I’ve been pondering the impact that a good church website can have upon church attendance, growth, and demographics. In fact, I had a lovely conversation with Susan Ebertz here at Wartburg this morning about this very topic, as one of her teaching interests is technology in ministry. A few thoughts from that conversation:
Church Attendance and Growth
I have anecdotal evidence to suggest that one of the first things that new visitors to a church in a very religiously plural area do is check out the website. A good website with current, up-to-date information suggests that the congregation is vital. Just like there has been a lot of ink spilled over the idea that your small business can look bigger and more professional using the internet, the same goes for small and medium-sized churches. You can show the world that small churches can be vital too.
The people I spend a lot of time with know that I like to point out that “the church is full of old people!” Now don’t get me wrong: I love old people! But I’m not one of them. I’m 25 years old at the moment, and demographically speaking I am an endangered species in the ELCA – to say nothing of mainline Protestant denominations in general. The people my age who don’t go to church do use the internet effectively (particularly social networking sites like Facebook), and churches that want to attract people my age need to use technology effectively too. Susan pointed out that churches in the Evangelical traditions seem to use technology much more readily, and they also are growing while the mainline is shrinking. I wonder if these are connected?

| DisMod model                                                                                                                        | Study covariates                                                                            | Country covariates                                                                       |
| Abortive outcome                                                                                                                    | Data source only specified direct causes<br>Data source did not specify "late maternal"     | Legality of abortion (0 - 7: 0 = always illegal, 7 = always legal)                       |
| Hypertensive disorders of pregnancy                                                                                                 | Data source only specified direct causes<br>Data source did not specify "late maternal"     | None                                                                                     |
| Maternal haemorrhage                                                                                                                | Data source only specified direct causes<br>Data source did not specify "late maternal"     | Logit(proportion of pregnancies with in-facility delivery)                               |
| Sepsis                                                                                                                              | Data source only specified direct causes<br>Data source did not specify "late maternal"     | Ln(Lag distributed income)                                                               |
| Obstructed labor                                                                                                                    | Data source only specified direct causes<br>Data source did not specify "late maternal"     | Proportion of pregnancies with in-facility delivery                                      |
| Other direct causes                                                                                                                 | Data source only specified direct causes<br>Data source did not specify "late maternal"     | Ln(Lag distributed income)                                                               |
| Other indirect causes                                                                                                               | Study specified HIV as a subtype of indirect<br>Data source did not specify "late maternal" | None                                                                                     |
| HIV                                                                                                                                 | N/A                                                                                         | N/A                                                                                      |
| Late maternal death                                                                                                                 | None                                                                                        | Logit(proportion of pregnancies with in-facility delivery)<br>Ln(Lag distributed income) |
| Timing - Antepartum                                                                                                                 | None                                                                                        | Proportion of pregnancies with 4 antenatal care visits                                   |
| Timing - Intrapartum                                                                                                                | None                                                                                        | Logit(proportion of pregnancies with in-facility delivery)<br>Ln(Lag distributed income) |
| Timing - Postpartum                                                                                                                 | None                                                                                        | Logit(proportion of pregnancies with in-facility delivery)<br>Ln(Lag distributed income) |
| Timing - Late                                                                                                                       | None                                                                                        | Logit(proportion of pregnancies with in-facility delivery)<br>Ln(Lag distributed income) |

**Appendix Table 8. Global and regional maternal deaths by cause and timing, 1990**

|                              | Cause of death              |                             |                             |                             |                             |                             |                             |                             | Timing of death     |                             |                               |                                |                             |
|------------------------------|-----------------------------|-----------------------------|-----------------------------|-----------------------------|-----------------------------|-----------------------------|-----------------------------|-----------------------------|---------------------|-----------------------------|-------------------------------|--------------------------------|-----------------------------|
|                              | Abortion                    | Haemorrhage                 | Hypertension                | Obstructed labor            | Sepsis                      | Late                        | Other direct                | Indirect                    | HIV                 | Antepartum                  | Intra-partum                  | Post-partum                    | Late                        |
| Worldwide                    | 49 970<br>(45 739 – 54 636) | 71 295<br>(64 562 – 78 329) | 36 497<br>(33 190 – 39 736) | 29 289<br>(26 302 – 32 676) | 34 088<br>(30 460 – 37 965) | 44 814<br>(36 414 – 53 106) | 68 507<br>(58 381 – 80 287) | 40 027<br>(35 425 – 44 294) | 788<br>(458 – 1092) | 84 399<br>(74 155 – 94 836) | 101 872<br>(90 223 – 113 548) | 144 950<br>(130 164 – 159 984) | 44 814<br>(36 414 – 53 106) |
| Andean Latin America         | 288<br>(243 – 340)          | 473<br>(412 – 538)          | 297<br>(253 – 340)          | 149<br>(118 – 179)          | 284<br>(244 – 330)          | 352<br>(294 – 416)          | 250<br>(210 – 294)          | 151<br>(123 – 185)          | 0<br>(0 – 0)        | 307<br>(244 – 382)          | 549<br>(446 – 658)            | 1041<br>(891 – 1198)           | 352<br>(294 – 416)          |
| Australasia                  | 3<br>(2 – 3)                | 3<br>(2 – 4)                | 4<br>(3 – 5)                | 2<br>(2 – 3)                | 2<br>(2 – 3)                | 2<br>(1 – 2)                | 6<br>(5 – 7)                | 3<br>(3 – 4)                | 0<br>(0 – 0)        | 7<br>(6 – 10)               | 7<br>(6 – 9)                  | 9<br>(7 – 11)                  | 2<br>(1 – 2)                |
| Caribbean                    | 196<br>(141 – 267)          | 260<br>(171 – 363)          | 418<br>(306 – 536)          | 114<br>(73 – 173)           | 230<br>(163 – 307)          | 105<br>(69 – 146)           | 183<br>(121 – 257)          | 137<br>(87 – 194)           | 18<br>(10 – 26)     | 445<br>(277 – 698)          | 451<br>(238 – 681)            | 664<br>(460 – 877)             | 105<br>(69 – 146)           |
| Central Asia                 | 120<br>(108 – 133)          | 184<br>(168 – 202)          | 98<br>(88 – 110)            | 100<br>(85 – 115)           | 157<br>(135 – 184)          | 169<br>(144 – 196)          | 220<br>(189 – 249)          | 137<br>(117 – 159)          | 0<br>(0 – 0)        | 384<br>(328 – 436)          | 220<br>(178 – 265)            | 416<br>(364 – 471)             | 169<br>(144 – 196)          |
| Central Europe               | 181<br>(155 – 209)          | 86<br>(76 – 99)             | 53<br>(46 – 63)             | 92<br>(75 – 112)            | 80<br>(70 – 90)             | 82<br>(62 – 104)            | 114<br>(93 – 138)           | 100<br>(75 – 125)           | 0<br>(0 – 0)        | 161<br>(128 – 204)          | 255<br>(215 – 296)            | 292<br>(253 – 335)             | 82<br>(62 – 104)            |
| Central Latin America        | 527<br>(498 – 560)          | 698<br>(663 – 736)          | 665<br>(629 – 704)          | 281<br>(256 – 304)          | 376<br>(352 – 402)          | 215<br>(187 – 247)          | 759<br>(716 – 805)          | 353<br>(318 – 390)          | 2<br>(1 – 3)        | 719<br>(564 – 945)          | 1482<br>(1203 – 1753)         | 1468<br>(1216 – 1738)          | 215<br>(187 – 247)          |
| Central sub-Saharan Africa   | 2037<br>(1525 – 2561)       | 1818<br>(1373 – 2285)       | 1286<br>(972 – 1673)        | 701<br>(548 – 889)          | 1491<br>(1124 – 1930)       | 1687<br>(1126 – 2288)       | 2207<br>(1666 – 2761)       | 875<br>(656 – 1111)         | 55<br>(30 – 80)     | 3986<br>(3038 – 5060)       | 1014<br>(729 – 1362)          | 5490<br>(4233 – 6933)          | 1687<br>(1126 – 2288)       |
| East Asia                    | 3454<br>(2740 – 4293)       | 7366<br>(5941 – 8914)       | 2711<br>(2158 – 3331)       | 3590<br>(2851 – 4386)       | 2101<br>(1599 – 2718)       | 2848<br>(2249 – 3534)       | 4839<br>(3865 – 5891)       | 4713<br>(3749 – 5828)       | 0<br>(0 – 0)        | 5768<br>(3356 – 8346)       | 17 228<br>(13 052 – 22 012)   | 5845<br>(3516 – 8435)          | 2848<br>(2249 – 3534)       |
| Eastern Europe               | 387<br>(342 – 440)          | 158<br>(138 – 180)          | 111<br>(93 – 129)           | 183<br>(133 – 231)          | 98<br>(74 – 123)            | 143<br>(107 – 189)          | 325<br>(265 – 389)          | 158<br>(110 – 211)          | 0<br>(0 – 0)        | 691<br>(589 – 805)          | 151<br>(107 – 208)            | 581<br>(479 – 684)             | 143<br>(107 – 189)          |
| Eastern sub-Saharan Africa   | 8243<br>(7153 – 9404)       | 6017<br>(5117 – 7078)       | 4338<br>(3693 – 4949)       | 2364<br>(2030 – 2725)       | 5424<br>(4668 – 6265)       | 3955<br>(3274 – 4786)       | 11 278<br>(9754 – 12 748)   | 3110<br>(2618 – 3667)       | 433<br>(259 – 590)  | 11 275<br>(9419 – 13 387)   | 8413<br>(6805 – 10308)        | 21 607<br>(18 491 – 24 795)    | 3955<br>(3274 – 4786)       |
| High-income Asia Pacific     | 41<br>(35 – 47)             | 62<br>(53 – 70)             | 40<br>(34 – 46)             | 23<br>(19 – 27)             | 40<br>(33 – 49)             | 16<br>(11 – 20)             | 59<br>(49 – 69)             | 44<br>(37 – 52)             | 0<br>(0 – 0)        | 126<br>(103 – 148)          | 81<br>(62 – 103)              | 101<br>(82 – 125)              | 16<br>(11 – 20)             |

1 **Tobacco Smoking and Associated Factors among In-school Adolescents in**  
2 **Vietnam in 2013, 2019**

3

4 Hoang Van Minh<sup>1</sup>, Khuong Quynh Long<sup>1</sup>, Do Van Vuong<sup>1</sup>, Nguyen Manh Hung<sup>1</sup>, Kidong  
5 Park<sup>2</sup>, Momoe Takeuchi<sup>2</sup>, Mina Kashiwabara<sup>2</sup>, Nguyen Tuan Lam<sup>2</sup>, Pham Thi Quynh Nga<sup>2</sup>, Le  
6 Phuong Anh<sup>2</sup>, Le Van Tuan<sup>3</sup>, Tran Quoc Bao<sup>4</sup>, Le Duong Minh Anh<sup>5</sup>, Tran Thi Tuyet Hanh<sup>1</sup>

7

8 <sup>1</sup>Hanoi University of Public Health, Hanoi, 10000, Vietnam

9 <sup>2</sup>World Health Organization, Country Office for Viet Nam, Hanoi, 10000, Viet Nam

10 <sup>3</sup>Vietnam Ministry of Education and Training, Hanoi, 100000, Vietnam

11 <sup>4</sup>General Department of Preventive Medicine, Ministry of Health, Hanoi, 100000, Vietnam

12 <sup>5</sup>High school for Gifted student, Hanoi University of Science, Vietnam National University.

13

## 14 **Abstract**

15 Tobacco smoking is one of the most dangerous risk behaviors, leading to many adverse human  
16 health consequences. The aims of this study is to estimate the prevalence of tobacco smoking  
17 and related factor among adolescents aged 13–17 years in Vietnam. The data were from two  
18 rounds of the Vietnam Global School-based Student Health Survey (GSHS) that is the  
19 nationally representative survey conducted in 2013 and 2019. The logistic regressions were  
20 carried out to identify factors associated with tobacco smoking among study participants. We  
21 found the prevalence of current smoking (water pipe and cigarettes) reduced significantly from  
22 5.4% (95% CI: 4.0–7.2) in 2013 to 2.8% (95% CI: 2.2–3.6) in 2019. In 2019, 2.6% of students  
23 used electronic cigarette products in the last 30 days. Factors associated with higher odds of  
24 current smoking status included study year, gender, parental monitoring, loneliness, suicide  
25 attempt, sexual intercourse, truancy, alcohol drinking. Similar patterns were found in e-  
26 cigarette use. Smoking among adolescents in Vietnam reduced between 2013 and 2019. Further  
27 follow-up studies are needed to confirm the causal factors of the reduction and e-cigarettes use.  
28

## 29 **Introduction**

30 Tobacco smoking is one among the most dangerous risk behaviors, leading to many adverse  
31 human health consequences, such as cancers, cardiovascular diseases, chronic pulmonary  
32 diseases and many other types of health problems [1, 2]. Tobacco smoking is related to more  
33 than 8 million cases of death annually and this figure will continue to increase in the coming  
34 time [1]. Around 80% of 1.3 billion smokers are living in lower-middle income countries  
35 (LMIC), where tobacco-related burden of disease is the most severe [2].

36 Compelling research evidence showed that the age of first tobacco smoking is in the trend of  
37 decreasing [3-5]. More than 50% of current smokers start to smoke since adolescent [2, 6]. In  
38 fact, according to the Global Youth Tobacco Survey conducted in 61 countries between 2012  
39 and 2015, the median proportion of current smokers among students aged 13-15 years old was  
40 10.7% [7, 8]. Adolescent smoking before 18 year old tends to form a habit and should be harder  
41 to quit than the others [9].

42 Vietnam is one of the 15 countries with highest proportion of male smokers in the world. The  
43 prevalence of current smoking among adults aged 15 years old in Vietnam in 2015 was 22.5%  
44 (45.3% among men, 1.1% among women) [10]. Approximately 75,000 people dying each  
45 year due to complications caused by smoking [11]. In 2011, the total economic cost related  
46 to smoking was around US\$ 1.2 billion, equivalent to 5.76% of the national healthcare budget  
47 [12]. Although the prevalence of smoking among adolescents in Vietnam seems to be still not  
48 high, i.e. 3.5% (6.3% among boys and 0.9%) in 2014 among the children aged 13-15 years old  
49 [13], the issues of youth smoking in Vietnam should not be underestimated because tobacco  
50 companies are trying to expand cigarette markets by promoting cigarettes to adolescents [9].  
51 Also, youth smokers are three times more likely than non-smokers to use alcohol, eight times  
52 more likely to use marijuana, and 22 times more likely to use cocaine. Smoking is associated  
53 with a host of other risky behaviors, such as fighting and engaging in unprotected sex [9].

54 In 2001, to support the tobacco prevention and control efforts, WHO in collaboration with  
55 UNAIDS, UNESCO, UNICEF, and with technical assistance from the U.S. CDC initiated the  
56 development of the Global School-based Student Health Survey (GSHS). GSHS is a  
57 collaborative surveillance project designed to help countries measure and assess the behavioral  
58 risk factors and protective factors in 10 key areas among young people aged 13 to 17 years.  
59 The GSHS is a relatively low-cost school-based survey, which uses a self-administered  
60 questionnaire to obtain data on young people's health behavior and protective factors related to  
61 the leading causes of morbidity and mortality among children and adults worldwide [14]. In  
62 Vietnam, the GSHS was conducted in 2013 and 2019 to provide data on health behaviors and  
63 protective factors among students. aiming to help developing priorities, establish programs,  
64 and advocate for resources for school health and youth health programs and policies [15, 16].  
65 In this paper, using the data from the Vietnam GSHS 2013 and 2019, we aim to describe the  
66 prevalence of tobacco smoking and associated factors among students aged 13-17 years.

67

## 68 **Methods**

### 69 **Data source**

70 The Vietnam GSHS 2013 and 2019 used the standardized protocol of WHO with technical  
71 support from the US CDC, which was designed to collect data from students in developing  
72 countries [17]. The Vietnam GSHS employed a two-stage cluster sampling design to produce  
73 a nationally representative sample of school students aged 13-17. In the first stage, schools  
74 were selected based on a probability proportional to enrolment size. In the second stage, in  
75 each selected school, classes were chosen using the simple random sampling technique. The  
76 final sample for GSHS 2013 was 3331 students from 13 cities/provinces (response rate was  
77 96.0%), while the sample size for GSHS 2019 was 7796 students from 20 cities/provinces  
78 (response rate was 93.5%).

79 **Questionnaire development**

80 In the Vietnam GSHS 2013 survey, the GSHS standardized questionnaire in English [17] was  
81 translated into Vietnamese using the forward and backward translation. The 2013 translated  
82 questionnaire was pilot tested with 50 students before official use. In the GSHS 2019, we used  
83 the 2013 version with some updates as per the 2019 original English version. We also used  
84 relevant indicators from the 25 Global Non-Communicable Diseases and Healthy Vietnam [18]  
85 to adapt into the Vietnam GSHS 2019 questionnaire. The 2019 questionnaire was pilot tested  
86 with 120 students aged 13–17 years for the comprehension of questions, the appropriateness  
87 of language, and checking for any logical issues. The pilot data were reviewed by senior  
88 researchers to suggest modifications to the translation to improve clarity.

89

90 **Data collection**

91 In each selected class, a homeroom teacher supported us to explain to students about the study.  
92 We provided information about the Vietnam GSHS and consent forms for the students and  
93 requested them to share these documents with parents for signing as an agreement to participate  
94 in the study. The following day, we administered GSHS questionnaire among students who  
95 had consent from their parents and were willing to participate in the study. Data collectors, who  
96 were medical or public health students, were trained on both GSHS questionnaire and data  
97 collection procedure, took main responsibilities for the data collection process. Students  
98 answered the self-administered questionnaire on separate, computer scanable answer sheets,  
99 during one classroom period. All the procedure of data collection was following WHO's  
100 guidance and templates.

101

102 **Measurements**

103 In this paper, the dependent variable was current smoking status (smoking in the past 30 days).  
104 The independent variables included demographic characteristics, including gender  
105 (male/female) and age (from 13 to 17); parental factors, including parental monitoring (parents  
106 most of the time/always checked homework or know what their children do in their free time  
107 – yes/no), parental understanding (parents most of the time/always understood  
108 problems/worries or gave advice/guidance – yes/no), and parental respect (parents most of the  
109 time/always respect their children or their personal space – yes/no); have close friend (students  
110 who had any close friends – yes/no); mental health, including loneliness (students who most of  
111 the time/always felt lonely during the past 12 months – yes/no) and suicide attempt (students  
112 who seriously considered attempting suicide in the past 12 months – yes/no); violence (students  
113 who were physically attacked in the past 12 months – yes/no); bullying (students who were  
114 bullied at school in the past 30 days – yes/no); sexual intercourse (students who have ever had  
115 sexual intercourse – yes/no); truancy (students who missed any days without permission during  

A Research Proposal
I had some ideas as we were talking, and I wanted to put them to the world for comment. (Or maybe I just want to talk to myself – who knows?)
- What if you were to take Dean Peters’ Heal Your Church Website, a great resource with hundreds of posts on effective church website design and maintenance, and derive a rubric for quantitatively evaluating church websites? I wonder what I might find if that quantitative data was combined with information on each congregation’s demographics and attendance trends?
- Using the Internet Wayback Machine, I wonder if trends in quantitative scores for sites over 1, 2, or even 5 years (for churches that have been online that long) correlate with trends in membership?
- To what extent do the attitudes of lay and ordained leaders influence the quality of the website shown to the world? How often are church councils involved in website content? (I suspect not very often.) Does it make a difference in quality or freshness of that content?
Any other ideas for ways that correlations between church demographics and technology use could be measured objectively?